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Building Bridges to Peace through Medicine

The rationale for the Boycott, Divestment, and Sanctions (BDS) movement against Israel is based on generalities—many of them uninformed—about how different populations live, work, study, and co-exist in the region. In reality, Jews and Arabs, Israelis and Palestinians, collaborate and cooperate on a daily basis in a hundred arenas.

Medicine is one of those arenas.
At Hadassah Medical Organization’s two hospitals in Jerusalem, Jews and Arabs work side by side—doctors, nurses, technicians, administrators—in a life-and-death struggle with sick and broken bodies. Over one million patients a year are treated there, without regard to race, religion, or nationality. This is not new. It’s been the case since Hadassah opened its first hospital in Jerusalem in 1918.

Partnerships between Hadassah Medical Organization (HMO), Hebrew University Hadassah Medical School, and Palestinian hospitals and health organizations are too numerous to detail here. They include extensive training programs for Palestinian midwives, paramedics, emergency medicine and trauma physicians and nurses, both at HMO and in the Palestinian territories.

In one such collaboration, HMO is part of the Peace in Sight program, which trains doctors and nurses in ophthalmology to serve at the St. John Eye Hospital in East Jerusalem—the primary center for specialized eye care in the West Bank, Gaza and East Jerusalem. This partnership is critical, since Palestinians suffer unusually high rates of blindness. Some of the funding for this initiative comes from the U.S. State Department.

Additional programs in neonatology, dental medicine, pediatric cardiology and more bring together Israelis and Palestinians in an atmosphere of mutual respect and cooperation. Medicine is a common denominator among peoples. It sees past ethnicity, past religion, to our shared humanity.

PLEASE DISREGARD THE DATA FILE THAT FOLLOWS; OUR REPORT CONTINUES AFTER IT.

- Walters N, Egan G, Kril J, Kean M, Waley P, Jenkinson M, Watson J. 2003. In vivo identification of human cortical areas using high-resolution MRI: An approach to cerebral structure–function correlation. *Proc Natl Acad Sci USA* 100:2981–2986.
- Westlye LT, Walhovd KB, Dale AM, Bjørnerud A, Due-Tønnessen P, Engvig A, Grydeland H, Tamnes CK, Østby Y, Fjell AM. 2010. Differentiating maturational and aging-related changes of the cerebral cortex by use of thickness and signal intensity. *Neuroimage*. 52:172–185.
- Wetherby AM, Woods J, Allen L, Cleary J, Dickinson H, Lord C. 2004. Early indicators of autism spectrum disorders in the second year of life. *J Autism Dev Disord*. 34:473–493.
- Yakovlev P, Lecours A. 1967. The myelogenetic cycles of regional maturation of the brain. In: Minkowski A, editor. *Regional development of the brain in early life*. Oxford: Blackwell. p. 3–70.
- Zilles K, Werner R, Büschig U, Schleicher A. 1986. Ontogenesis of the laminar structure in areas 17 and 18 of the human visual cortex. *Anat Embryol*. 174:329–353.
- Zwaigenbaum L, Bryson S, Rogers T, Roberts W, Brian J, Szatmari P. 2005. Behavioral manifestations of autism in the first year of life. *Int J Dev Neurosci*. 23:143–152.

Medicine is a path to peace.
Kameill Husseini, Palestinian writer and founder of the first Palestinian communications firm, took his mother to Hadassah for cancer treatment over a period of a dozen years. In an article in the widely read Tel Aviv newspaper Yedioth Ahronoth, he says, “At Hadassah, it doesn’t matter who you are; they encourage you to fight the disease and other dangers that are much more important than all our wars. … In the treatment rooms, Israeli Jews and Palestinian Arabs unite in searching for a cure, in praying to their God. They all rise above the conflict and hate, and become humans.”

Last spring, the Palestinian Authority’s Minister of Health, Dr. Hani Abdeen, visited patients in the pediatric hemato-oncology department at HMO, where 30 percent of the children are Palestinian. Learning that about 60 Palestinian doctors are doing their residencies at Hadassah’s hospitals at any given time, Dr. Abdeen noted the importance of developing specialties that are lacking in the Palestinian Authority, including anesthesiology, interventional radiology, cardiac care and pediatrics. “I understand that I am the first Palestinian Minister of Health to visit our patients in an Israeli hospital,” he said. “We’re here to find ways to further collaborate.”

We hope that those advocating for boycotts, divestment, and sanctions take stock of what is working in Israel, and realize there are better ways to bring people together. There are more effective paths to peace.

 

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